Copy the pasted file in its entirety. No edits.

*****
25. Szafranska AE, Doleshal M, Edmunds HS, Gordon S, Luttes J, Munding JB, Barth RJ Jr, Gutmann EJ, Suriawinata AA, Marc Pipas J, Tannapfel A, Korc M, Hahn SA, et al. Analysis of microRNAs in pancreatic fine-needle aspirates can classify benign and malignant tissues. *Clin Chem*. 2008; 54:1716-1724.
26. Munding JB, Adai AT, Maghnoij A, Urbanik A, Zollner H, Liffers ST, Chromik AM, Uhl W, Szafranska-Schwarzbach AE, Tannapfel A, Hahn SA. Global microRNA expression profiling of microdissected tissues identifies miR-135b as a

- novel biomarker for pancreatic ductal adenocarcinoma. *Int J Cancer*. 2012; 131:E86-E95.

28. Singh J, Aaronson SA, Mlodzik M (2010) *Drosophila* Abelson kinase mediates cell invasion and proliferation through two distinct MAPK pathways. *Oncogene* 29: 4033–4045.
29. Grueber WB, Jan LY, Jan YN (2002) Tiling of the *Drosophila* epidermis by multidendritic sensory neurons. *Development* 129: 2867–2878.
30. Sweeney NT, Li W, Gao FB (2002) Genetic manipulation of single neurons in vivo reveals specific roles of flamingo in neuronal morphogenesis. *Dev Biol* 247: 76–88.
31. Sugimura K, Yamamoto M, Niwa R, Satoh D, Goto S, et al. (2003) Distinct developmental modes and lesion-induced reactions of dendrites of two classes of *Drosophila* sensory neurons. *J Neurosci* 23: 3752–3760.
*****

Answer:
25. Szafranska AE, Doleshal M, Edmunds HS, Gordon S, Luttes J, Munding JB, Barth RJ Jr, Gutmann EJ, Suriawinata AA, Marc Pipas J, Tannapfel A, Korc M, Hahn SA, et al. Analysis of microRNAs in pancreatic fine-needle aspirates can classify benign and malignant tissues. *Clin Chem*. 2008; 54:1716-1724.
26. Munding JB, Adai AT, Maghnoij A, Urbanik A, Zollner H, Liffers ST, Chromik AM, Uhl W, Szafranska-Schwarzbach AE, Tannapfel A, Hahn SA. Global microRNA expression profiling of microdissected tissues identifies miR-135b as a

- novel biomarker for pancreatic ductal adenocarcinoma. *Int J Cancer*. 2012; 131:E86-E95.

28. Singh J, Aaronson SA, Mlodzik M (2010) *Drosophila* Abelson kinase mediates cell invasion and proliferation through two distinct MAPK pathways. *Oncogene* 29: 4033–4045.
29. Grueber WB, Jan LY, Jan YN (2002) Tiling of the *Drosophila* epidermis by multidendritic sensory neurons. *Development* 129: 2867–2878.
30. Sweeney NT, Li W, Gao FB (2002) Genetic manipulation of single neurons in vivo reveals specific roles of flamingo in neuronal morphogenesis. *Dev Biol* 247: 76–88.
31. Sugimura K, Yamamoto M, Niwa R, Satoh D, Goto S, et al. (2003) Distinct developmental modes and lesion-induced reactions of dendrites of two classes of *Drosophila* sensory neurons. *J Neurosci* 23: 3752–3760.